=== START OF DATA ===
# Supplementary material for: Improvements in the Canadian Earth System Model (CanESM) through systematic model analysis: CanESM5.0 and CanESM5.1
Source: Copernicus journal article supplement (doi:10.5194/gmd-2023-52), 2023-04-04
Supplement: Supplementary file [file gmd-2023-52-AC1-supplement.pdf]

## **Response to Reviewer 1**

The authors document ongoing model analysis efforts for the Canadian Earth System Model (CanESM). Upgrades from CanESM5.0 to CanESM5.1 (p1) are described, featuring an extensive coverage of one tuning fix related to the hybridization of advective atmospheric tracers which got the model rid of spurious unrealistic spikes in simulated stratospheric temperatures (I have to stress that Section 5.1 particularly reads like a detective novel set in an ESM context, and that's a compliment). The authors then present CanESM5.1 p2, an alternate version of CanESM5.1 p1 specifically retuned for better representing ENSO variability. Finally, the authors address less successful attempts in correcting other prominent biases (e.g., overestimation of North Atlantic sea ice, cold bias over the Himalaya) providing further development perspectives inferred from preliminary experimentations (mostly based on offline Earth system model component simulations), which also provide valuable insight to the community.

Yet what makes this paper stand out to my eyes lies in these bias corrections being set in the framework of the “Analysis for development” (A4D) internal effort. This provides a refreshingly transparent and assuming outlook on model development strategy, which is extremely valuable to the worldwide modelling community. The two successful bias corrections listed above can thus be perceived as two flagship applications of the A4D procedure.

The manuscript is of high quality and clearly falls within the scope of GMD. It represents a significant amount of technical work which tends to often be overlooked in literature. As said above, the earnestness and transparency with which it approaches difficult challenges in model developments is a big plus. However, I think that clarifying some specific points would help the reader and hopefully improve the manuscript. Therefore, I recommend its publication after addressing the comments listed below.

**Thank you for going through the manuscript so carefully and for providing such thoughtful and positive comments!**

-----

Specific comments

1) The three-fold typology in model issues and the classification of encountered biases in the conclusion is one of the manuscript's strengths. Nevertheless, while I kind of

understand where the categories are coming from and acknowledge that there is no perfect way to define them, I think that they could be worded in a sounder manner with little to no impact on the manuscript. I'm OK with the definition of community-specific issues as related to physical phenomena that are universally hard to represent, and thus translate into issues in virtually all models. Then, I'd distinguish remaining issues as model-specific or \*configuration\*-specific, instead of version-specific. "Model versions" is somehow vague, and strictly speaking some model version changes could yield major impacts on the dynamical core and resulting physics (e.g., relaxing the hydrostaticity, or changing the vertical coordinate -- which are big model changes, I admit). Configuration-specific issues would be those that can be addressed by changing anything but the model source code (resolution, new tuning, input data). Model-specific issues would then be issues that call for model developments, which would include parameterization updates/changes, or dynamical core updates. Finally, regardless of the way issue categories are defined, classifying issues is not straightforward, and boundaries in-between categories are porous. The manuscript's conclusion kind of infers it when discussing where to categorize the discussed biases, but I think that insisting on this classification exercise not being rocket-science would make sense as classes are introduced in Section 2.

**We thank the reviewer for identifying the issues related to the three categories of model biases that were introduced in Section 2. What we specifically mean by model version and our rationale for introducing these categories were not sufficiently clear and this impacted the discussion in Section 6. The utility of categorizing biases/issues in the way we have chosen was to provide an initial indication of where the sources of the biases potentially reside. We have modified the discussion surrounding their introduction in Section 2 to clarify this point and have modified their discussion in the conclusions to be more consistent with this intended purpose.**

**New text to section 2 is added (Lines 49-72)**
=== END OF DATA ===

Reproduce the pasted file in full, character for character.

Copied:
# Supplementary material for: Improvements in the Canadian Earth System Model (CanESM) through systematic model analysis: CanESM5.0 and CanESM5.1
Source: Copernicus journal article supplement (doi:10.5194/gmd-2023-52), 2023-04-04
Supplement: Supplementary file [file gmd-2023-52-AC1-supplement.pdf]

## **Response to Reviewer 1**

The authors document ongoing model analysis efforts for the Canadian Earth System Model (CanESM). Upgrades from CanESM5.0 to CanESM5.1 (p1) are described, featuring an extensive coverage of one tuning fix related to the hybridization of advective atmospheric tracers which got the model rid of spurious unrealistic spikes in simulated stratospheric temperatures (I have to stress that Section 5.1 particularly reads like a detective novel set in an ESM context, and that's a compliment). The authors then present CanESM5.1 p2, an alternate version of CanESM5.1 p1 specifically retuned for better representing ENSO variability. Finally, the authors address less successful attempts in correcting other prominent biases (e.g., overestimation of North Atlantic sea ice, cold bias over the Himalaya) providing further development perspectives inferred from preliminary experimentations (mostly based on offline Earth system model component simulations), which also provide valuable insight to the community.

Yet what makes this paper stand out to my eyes lies in these bias corrections being set in the framework of the “Analysis for development” (A4D) internal effort. This provides a refreshingly transparent and assuming outlook on model development strategy, which is extremely valuable to the worldwide modelling community. The two successful bias corrections listed above can thus be perceived as two flagship applications of the A4D procedure.

The manuscript is of high quality and clearly falls within the scope of GMD. It represents a significant amount of technical work which tends to often be overlooked in literature. As said above, the earnestness and transparency with which it approaches difficult challenges in model developments is a big plus. However, I think that clarifying some specific points would help the reader and hopefully improve the manuscript. Therefore, I recommend its publication after addressing the comments listed below.

**Thank you for going through the manuscript so carefully and for providing such thoughtful and positive comments!**

-----

Specific comments

1) The three-fold typology in model issues and the classification of encountered biases in the conclusion is one of the manuscript's strengths. Nevertheless, while I kind of

understand where the categories are coming from and acknowledge that there is no perfect way to define them, I think that they could be worded in a sounder manner with little to no impact on the manuscript. I'm OK with the definition of community-specific issues as related to physical phenomena that are universally hard to represent, and thus translate into issues in virtually all models. Then, I'd distinguish remaining issues as model-specific or \*configuration\*-specific, instead of version-specific. "Model versions" is somehow vague, and strictly speaking some model version changes could yield major impacts on the dynamical core and resulting physics (e.g., relaxing the hydrostaticity, or changing the vertical coordinate -- which are big model changes, I admit). Configuration-specific issues would be those that can be addressed by changing anything but the model source code (resolution, new tuning, input data). Model-specific issues would then be issues that call for model developments, which would include parameterization updates/changes, or dynamical core updates. Finally, regardless of the way issue categories are defined, classifying issues is not straightforward, and boundaries in-between categories are porous. The manuscript's conclusion kind of infers it when discussing where to categorize the discussed biases, but I think that insisting on this classification exercise not being rocket-science would make sense as classes are introduced in Section 2.

**We thank the reviewer for identifying the issues related to the three categories of model biases that were introduced in Section 2. What we specifically mean by model version and our rationale for introducing these categories were not sufficiently clear and this impacted the discussion in Section 6. The utility of categorizing biases/issues in the way we have chosen was to provide an initial indication of where the sources of the biases potentially reside. We have modified the discussion surrounding their introduction in Section 2 to clarify this point and have modified their discussion in the conclusions to be more consistent with this intended purpose.**

**New text to section 2 is added (Lines 49-72)**